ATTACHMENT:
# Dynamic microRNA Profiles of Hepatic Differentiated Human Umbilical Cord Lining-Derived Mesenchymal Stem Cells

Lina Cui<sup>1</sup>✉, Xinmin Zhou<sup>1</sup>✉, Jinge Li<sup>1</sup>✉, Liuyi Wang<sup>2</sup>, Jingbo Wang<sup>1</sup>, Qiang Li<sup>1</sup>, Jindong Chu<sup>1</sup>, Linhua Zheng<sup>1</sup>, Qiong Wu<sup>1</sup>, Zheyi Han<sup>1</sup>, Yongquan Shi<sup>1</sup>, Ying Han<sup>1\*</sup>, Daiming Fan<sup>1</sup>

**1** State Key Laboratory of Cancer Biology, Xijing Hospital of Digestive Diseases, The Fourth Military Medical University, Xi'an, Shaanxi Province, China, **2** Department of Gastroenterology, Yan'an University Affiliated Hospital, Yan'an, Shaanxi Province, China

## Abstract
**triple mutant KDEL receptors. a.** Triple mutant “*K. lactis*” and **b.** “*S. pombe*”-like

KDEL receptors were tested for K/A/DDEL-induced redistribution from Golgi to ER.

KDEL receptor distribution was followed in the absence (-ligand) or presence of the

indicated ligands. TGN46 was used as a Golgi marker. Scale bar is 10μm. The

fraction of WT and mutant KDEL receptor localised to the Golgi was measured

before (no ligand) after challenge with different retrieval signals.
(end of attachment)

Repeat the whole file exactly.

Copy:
# Dynamic microRNA Profiles of Hepatic Differentiated Human Umbilical Cord Lining-Derived Mesenchymal Stem Cells

Lina Cui<sup>1</sup>✉, Xinmin Zhou<sup>1</sup>✉, Jinge Li<sup>1</sup>✉, Liuyi Wang<sup>2</sup>, Jingbo Wang<sup>1</sup>, Qiang Li<sup>1</sup>, Jindong Chu<sup>1</sup>, Linhua Zheng<sup>1</sup>, Qiong Wu<sup>1</sup>, Zheyi Han<sup>1</sup>, Yongquan Shi<sup>1</sup>, Ying Han<sup>1\*</sup>, Daiming Fan<sup>1</sup>

**1** State Key Laboratory of Cancer Biology, Xijing Hospital of Digestive Diseases, The Fourth Military Medical University, Xi'an, Shaanxi Province, China, **2** Department of Gastroenterology, Yan'an University Affiliated Hospital, Yan'an, Shaanxi Province, China

## Abstract
**triple mutant KDEL receptors. a.** Triple mutant “*K. lactis*” and **b.** “*S. pombe*”-like

KDEL receptors were tested for K/A/DDEL-induced redistribution from Golgi to ER.

KDEL receptor distribution was followed in the absence (-ligand) or presence of the

indicated ligands. TGN46 was used as a Golgi marker. Scale bar is 10μm. The

fraction of WT and mutant KDEL receptor localised to the Golgi was measured

before (no ligand) after challenge with different retrieval signals.